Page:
Yes, the inevitable has finally happened.
With the announcement that the the failing NHS Hinchingbrooke Hospital in Cambridgeshire will be handed over to private health company Circle, the slow but inevitable privatization of the British health system has begun.
The decision hasn’t been taken lightly. As the Telegraph’s Andrew Porter notes, the Treasury took over a year to sign off on the deal, indicating severe apprehension at touching what many view as a key cornerstone of British society (and potentially electoral suicide for the Conservatives).
Hinchingbrooke is running at a loss of £5 million ($8 million) a year on revenues of £90 million ($143 million), with accumulated debts of £40 million ($64 million). It’s hoped that a private company can cut down on bureaucracy and improve efficiency.
Criticisms have already come in. The head of health at Unison, Christina McAnea, told the Guardian, “We just don’t accept there is no expertise within an organisation the size of the NHS, and to turn to the private sector, which has a very patchy record in delivering these kind of services, is an accident waiting to happen.”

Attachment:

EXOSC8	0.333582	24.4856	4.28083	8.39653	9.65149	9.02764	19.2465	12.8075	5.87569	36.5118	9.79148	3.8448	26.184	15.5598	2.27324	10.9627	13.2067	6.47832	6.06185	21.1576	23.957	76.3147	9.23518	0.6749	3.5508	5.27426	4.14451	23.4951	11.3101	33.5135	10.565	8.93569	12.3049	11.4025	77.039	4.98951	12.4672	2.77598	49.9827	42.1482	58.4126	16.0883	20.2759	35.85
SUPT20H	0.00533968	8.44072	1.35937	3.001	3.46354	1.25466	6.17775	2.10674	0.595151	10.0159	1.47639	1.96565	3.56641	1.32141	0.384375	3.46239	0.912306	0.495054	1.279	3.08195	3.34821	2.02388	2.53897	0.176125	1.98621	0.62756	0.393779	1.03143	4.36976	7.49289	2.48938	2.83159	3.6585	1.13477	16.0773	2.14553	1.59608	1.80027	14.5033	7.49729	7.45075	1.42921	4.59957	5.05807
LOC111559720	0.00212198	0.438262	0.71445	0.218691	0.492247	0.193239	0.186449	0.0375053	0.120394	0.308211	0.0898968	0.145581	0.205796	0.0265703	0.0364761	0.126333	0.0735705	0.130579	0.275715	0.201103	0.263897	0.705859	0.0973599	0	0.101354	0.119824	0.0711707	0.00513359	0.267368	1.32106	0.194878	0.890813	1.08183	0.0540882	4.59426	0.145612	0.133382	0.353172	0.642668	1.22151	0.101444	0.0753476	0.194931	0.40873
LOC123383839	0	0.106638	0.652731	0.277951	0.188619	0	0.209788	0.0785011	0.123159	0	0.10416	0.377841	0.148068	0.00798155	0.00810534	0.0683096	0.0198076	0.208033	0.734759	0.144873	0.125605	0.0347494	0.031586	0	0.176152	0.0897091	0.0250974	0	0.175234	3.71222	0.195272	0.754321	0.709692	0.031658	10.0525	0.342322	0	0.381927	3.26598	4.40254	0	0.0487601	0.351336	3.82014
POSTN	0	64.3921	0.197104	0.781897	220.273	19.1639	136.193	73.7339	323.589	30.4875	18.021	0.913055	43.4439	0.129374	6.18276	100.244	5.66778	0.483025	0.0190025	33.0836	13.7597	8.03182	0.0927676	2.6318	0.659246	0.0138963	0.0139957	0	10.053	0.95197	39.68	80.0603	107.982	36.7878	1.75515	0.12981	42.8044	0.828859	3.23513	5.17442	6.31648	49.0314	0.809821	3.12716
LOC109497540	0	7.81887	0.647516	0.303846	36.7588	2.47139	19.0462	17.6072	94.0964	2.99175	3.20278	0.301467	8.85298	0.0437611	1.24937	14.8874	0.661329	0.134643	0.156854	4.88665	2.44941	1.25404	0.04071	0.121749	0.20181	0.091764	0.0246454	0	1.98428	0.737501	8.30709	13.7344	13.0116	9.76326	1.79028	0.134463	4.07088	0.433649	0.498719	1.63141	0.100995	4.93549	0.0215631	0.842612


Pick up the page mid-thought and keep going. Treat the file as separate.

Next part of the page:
Circle, as the first private company to take over an entire British hospital, has a lot of weight resting on its shoulders. That Circle is run by a former Goldman Sach banker, Ali Parsa, may rankle the critics too. But even critics may have to accept that this limited privatization may prove to be what the NHS needs. Nicholas Timmins of the FT argues that “Circle is undoubtedly innovative”.
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